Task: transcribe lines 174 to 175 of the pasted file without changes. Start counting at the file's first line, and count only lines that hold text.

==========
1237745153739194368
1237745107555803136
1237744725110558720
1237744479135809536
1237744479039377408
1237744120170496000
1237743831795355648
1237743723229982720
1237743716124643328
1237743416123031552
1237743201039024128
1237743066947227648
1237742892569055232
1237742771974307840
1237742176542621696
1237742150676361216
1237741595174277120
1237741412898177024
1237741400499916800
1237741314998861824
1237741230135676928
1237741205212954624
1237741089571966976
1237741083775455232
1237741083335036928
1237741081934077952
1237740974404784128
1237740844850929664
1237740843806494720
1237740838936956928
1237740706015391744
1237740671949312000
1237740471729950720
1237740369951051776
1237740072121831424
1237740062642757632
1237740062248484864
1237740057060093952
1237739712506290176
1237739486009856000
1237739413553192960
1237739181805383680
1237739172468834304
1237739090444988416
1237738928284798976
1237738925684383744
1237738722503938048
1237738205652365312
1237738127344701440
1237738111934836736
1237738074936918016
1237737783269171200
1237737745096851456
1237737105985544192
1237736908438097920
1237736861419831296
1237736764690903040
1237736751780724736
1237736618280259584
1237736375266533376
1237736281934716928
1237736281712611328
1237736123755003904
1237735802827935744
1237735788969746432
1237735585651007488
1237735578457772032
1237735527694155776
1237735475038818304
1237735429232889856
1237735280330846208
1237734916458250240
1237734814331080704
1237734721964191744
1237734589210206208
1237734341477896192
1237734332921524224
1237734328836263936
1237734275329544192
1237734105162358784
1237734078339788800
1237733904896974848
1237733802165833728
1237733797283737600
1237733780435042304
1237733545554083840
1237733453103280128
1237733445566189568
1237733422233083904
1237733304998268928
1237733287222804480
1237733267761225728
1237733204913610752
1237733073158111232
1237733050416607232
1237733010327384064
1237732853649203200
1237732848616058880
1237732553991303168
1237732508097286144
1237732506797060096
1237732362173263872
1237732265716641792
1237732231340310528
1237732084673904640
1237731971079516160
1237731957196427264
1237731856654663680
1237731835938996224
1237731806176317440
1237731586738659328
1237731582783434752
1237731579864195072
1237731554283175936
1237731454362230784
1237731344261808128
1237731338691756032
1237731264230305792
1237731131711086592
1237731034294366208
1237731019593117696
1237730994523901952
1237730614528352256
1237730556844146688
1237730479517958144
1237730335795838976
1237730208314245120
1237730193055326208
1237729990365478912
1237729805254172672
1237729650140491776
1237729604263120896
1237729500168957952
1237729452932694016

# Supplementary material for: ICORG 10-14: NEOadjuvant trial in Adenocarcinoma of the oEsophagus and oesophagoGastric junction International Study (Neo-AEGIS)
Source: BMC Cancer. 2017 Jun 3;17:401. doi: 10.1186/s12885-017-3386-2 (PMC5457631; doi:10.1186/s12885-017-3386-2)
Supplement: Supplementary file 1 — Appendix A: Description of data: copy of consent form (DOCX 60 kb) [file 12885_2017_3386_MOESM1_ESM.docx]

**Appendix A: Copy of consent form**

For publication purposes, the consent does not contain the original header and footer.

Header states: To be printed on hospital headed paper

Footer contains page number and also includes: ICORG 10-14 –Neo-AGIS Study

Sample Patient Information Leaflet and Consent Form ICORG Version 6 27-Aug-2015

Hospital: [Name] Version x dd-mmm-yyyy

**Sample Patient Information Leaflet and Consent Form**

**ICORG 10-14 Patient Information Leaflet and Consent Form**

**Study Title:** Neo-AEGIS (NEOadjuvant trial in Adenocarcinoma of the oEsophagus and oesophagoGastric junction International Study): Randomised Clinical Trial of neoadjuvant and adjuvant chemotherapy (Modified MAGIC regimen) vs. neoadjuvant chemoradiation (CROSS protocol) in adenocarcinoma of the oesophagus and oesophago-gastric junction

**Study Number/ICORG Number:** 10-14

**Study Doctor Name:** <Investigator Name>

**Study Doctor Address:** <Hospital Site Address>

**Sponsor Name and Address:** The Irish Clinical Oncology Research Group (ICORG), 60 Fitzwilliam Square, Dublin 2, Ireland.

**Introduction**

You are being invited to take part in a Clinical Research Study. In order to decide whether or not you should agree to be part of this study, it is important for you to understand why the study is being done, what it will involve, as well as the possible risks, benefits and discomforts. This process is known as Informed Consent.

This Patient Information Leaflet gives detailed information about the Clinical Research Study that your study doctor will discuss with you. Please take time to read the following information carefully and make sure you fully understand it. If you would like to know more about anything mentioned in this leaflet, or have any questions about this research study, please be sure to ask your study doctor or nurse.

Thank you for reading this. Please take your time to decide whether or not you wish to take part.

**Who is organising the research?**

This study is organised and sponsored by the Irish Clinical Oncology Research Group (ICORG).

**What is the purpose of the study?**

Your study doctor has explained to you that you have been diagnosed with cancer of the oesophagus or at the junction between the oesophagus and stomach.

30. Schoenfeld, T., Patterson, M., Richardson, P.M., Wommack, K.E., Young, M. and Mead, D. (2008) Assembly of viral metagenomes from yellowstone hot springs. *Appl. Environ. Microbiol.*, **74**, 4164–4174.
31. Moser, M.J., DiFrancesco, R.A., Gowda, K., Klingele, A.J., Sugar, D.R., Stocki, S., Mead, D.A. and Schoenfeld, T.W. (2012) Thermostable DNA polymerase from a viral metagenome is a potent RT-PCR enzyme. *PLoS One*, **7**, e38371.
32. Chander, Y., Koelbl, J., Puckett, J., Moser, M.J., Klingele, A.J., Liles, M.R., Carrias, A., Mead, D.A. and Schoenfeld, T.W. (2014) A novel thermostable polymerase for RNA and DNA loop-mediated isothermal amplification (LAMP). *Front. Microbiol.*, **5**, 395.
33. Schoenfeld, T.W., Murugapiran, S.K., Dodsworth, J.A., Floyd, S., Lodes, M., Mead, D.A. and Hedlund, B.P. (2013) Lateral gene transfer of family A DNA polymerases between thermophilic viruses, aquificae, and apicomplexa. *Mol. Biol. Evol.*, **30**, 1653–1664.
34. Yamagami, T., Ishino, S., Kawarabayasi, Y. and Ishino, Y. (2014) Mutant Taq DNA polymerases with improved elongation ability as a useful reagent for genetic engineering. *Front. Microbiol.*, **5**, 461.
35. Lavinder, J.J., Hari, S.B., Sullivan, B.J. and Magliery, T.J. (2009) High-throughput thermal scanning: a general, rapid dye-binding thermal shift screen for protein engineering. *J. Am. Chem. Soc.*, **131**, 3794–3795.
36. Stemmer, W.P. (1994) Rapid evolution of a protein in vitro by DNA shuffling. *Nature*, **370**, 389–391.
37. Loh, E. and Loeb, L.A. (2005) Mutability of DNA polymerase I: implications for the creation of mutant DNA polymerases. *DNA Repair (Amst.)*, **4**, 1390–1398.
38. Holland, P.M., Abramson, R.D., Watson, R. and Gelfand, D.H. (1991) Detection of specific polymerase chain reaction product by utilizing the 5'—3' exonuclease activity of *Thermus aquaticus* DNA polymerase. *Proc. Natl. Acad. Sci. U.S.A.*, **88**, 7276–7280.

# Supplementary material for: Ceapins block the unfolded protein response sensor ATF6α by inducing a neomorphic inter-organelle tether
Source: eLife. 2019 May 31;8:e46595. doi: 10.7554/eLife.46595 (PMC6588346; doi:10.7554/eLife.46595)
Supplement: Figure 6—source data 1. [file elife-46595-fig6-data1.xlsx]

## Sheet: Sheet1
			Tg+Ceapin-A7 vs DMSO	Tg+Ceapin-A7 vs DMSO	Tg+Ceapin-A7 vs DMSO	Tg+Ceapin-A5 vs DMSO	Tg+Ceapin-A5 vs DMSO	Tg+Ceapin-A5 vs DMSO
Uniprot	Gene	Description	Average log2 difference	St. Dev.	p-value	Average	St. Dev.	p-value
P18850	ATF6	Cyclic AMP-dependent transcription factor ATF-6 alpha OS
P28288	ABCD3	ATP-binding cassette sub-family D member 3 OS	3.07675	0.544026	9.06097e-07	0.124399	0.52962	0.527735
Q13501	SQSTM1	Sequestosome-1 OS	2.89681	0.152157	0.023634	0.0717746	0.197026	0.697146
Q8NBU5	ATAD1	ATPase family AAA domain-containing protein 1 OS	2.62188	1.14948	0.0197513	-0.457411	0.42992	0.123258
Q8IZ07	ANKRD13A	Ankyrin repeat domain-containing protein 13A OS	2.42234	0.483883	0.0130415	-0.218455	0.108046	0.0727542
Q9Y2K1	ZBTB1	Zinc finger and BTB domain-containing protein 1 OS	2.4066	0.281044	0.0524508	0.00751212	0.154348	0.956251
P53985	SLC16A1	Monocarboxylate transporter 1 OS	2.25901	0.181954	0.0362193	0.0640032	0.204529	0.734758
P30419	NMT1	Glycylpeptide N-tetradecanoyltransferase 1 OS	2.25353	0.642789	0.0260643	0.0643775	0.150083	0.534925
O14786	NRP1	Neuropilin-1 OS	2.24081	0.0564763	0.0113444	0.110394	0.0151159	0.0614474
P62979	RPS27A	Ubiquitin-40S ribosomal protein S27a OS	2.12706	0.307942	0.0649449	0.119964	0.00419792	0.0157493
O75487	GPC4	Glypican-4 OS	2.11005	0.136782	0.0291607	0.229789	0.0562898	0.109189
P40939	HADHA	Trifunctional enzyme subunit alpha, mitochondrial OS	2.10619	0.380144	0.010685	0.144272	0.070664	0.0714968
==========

P18850	ATF6	Cyclic AMP-dependent transcription factor ATF-6 alpha OS
P28288	ABCD3	ATP-binding cassette sub-family D member 3 OS	3.07675	0.544026	9.06097e-07	0.124399	0.52962	0.527735